Scientists may need to "take the brakes off" in their quest to produce an Ebola vaccine, which is already being fast-tracked through the regular phases and processes, but may still be at least a year or more away from mass trials.
"I really hope we can do it faster and given the pace that I see things moving at now, it is possible that we will go even faster. It really depends on how hot the fire is turned in Africa," said Brian Ward, a microbiology associate professor at McGill University's Centre for the Study of Host Resistance.
"If that burner goes full on and we really do see some of these predictions of 10,000 cases a week, I think that many people, including me, would start to argue to hell with this... we may just need to take the brakes off and just take a chance."
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Although Ward was one of the scientists who looked over the protocol development plan for the Ebola vaccine trials, he is not directly involved in them.
So far, more than 8,900 people have been infected and more than 4,400 have died, mostly in Guinea, Liberia and Sierra Leone.
Earlier this week, federal Health Minister Rona Ambrose announced that phase one clinical trials of the Ebola vaccine VSV-EBOV, which was developed at the Public Health of Canada's National Microbiology Laboratory, will begin on a small group of healthy people to assess its safety, determine the appropriate dosage and identify any side effects.
The outcomes of the Phase 1 trials, being conducted at the Walter Reed Army Institute of Research in Silver Spring, Md., are expected in December 2014. That's unusually fast.
'Leapfrogged' by at least a year
Typically, Phase 1 studies, in which the vaccine is injected into healthy human specimens, can take up to a year, Ward said.
"We’ve leapfrogged probably by at least a year because we’ve massively compressed the toxicity studies and we have massively compressed the regulatory review."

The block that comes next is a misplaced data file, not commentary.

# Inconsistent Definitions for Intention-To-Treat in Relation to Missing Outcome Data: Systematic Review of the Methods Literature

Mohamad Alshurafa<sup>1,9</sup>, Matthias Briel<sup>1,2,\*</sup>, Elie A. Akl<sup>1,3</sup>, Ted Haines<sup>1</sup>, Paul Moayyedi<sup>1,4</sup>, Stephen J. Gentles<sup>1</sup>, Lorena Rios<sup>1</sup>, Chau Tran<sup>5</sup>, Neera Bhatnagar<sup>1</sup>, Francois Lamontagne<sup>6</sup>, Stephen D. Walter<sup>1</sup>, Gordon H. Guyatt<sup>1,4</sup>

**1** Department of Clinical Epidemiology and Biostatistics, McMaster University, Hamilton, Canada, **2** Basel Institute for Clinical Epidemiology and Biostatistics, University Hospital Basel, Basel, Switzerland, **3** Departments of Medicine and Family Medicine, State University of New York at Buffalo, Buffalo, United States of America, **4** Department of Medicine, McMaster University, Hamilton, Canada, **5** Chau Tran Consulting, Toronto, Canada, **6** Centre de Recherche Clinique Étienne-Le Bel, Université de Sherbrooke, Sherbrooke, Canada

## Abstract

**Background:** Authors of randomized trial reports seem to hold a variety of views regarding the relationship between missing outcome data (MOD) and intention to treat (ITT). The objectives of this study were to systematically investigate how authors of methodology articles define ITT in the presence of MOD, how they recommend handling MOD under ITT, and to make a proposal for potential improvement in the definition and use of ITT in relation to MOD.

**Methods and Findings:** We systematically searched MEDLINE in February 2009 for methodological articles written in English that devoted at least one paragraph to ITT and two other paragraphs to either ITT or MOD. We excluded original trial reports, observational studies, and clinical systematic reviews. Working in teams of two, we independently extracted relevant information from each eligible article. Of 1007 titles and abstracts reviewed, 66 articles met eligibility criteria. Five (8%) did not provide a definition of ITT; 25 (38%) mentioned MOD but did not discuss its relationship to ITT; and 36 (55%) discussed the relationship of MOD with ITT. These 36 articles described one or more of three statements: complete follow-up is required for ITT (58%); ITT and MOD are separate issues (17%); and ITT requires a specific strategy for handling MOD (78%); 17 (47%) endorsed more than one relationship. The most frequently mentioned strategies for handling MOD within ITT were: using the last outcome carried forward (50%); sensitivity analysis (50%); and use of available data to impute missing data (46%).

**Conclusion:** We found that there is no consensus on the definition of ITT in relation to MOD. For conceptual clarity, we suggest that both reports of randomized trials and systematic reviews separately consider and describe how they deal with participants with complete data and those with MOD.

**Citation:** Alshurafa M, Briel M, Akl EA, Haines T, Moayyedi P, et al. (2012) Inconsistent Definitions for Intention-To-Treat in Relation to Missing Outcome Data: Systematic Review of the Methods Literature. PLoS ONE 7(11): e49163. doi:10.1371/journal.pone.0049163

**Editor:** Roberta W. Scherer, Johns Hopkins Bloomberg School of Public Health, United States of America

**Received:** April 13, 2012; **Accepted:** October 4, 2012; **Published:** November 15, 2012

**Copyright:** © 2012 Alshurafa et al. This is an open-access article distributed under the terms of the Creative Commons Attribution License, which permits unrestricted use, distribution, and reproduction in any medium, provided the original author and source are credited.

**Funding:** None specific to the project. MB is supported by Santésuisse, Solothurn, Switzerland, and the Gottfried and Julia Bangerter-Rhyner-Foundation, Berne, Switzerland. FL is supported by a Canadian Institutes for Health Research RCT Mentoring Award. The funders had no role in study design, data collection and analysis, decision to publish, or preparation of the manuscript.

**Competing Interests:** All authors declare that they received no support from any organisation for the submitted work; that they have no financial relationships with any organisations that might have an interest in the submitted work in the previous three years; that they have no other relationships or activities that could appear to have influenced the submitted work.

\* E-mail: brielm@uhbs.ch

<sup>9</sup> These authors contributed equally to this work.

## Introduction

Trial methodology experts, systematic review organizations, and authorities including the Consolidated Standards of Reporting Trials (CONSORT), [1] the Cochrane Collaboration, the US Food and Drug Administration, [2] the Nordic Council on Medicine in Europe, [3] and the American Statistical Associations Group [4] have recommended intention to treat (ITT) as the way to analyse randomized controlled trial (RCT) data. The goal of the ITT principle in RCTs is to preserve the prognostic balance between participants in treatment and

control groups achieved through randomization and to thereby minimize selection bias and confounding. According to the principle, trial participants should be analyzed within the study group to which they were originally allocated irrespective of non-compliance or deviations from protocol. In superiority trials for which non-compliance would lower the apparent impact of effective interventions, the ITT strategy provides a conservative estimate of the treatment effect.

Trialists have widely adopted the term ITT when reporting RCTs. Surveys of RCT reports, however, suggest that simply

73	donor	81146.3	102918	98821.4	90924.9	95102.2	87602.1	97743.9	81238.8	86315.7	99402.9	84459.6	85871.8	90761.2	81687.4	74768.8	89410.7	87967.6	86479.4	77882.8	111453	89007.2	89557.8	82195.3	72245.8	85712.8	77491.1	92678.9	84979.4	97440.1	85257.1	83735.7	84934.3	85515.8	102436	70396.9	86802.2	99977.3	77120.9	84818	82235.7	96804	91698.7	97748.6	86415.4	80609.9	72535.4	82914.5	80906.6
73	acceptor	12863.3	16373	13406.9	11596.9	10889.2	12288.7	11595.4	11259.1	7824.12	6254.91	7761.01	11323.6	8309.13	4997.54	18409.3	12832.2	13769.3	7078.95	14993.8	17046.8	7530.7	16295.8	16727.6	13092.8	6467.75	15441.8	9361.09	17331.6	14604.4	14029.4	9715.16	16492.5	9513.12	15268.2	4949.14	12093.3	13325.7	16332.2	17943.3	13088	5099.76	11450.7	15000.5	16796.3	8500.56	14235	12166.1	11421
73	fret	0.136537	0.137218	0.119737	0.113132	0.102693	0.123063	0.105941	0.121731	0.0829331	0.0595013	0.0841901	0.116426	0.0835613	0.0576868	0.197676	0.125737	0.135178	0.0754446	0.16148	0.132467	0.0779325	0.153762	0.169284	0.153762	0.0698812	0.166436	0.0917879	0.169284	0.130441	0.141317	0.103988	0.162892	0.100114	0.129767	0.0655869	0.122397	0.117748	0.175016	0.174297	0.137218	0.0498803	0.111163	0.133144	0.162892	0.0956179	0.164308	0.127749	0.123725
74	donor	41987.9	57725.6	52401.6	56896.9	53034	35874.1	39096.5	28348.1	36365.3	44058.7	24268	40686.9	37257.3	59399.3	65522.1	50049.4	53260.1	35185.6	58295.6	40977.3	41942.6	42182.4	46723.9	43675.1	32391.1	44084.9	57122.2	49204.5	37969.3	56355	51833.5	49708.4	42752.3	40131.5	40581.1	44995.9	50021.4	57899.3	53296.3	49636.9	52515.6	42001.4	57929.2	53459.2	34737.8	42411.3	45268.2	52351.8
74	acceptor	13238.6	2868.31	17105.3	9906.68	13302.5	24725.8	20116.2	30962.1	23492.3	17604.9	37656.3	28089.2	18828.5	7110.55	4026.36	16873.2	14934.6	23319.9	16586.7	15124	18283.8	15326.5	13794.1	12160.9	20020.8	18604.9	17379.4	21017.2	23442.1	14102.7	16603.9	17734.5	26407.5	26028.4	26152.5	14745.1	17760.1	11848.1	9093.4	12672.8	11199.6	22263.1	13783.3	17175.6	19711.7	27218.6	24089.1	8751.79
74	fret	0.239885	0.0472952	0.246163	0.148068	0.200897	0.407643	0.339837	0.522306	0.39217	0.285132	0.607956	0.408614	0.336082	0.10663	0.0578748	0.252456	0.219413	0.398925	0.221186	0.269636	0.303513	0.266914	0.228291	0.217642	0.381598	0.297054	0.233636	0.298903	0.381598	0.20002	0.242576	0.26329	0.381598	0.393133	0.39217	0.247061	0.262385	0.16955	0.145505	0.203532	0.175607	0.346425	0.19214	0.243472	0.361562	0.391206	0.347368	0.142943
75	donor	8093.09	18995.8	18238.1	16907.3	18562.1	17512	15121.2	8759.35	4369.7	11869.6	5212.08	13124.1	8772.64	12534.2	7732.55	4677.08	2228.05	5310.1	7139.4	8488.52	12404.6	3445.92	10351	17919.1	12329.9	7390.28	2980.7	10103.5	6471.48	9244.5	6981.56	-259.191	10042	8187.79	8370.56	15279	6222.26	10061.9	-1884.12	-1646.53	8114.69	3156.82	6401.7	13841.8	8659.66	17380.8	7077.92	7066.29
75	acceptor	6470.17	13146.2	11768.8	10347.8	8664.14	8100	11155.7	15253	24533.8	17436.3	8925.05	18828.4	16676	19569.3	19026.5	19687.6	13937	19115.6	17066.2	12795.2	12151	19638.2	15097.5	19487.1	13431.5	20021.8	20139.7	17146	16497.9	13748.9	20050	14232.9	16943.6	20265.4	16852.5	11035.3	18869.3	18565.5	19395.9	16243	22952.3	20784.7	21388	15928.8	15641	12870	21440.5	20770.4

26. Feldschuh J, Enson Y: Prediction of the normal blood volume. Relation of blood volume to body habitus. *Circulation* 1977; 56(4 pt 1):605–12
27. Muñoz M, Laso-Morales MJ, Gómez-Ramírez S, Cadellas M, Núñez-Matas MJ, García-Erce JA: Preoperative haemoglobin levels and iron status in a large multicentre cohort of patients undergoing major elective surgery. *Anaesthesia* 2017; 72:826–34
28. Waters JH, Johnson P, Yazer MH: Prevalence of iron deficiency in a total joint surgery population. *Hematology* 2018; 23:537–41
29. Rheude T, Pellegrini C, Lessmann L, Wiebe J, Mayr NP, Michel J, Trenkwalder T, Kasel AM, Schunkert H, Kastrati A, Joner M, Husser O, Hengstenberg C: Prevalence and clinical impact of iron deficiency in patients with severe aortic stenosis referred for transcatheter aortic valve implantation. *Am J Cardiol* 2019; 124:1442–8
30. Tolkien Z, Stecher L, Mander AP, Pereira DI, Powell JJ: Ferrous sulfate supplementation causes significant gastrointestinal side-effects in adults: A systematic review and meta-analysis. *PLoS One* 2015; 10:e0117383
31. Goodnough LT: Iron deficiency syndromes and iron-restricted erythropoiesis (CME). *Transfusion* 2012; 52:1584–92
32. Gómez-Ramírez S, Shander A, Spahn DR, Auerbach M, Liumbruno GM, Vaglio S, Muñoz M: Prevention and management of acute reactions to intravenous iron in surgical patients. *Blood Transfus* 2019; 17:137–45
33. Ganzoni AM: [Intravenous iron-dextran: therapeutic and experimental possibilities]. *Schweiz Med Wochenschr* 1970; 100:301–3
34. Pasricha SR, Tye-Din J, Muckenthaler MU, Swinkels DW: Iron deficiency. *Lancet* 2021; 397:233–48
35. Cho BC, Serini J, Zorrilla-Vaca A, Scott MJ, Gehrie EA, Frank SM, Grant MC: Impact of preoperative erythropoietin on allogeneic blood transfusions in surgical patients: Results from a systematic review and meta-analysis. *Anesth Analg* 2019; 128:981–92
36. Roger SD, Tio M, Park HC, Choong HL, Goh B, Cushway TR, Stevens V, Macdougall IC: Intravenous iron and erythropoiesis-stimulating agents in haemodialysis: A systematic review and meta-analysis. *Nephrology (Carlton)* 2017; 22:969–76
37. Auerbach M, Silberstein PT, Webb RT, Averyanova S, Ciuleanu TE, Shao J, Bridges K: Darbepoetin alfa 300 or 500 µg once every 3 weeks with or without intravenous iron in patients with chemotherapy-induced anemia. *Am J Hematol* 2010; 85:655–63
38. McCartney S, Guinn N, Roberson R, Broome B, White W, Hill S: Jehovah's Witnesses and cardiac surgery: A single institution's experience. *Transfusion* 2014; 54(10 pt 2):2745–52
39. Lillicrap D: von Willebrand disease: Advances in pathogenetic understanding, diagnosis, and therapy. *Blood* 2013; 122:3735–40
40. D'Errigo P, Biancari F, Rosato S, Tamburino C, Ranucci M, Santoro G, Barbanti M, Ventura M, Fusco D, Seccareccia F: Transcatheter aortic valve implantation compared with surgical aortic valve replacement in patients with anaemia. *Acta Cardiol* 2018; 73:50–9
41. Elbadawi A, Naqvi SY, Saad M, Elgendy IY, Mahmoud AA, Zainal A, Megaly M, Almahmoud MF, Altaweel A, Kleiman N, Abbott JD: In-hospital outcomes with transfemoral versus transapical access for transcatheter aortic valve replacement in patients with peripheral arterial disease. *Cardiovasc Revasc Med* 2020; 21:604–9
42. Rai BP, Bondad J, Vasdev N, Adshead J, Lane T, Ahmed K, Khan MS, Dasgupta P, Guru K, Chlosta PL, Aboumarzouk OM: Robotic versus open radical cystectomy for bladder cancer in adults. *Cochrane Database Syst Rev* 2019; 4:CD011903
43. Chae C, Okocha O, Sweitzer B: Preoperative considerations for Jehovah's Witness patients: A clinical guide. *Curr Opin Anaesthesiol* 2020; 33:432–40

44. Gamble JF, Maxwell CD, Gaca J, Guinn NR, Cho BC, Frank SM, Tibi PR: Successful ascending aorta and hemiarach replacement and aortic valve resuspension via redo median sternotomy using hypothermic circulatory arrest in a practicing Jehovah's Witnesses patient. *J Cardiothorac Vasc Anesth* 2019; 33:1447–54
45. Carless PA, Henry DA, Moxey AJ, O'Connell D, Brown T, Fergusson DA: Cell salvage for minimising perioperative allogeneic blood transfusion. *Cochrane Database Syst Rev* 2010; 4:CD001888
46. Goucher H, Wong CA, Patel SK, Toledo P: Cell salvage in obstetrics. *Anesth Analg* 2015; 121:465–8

Even before scientists began Phase 1, they had to complete a protocol development plan, a process that can take a couple months, (and several more months to be approved by a regulator). That whole process was fast-tracked for the Ebola vaccine and completed in a matter of days, Ward said.
In the Phase 2 stage, researchers study the effects of different dosages, expand the testing pool to several hundred people — a process that could take up to two years. That phase for the Ebola vaccine will likely be compressed to about six months, Ward said.
By Phase 3, scientists look for efficacy, to see if the vaccine actually works under field conditions and may involve upwards of 80,000 people. In normal vaccine trials, that study can also take several years, meaning by the time phase three is completed, it could be five or even 10 years before a vaccine is ready for mass production.
For the Ebola vaccine, phase three trials would also be compressed into about six months, Ward said. Still, even with all the condensed phases and trials, an Ebola vaccine ready for phase three or for mass population could still be more than a year away.
'Willing to take a pretty high risk'
"This is the question I answered for Public Health Agency of Canada ... How fast can you actually do this? And it really depends upon how much risk you’re willing to take. And obviously in the case of the people living in the Ebola affected countries, you’re willing to take a pretty high risk," says Ward.
But the compelling reason to move so quickly is that this is the only chance scientists have to shut this virus down, Ward said.
"We’re rushing it…because the potential consequences for west African society are apocalyptic," he said.
"Right now, as you can see, the temperature is being ratcheted up every week, we are seeing near exponential growth in the number of cases," he said. "And how high can that temperature go before we just say 'to hell with this, we’re going to manufacture a whole whackload of this stuff and just pray that it works."
But Ward cautioned that there is plenty of risk in rushing a vaccine into production, and that there is a potential for fatalities, particularly on a population where many are HIV-infected, immuno-compromised or malnourished.
"As a medical scientist, it scares me to death. I’m well aware of the damage that could be done, aside from the lives that could be lost. I’m aware of the damage that could be done to the whole vaccine enterprise."
But Jason Tetro, a microbiologist and author of The Germ Code, said he hopes the timeline for a vaccine will move along much faster and he hopes that by this time next year, scientists will have produced enough vaccine for all people who are potentially at risk.
"Then by 2016, the whole concept of the epidemic will be gone and by 2017, we’ll have enough coverage so that this particular virus will never start an epidemic again," he said.
But Tetro said the current epidemic still needs to be stopped at the base with the current tools of containment, beds, bricks and mortar, health-care workers, and all available treatment options.
“The vaccine is not for this epidemic it’s to prevent future ones," he said.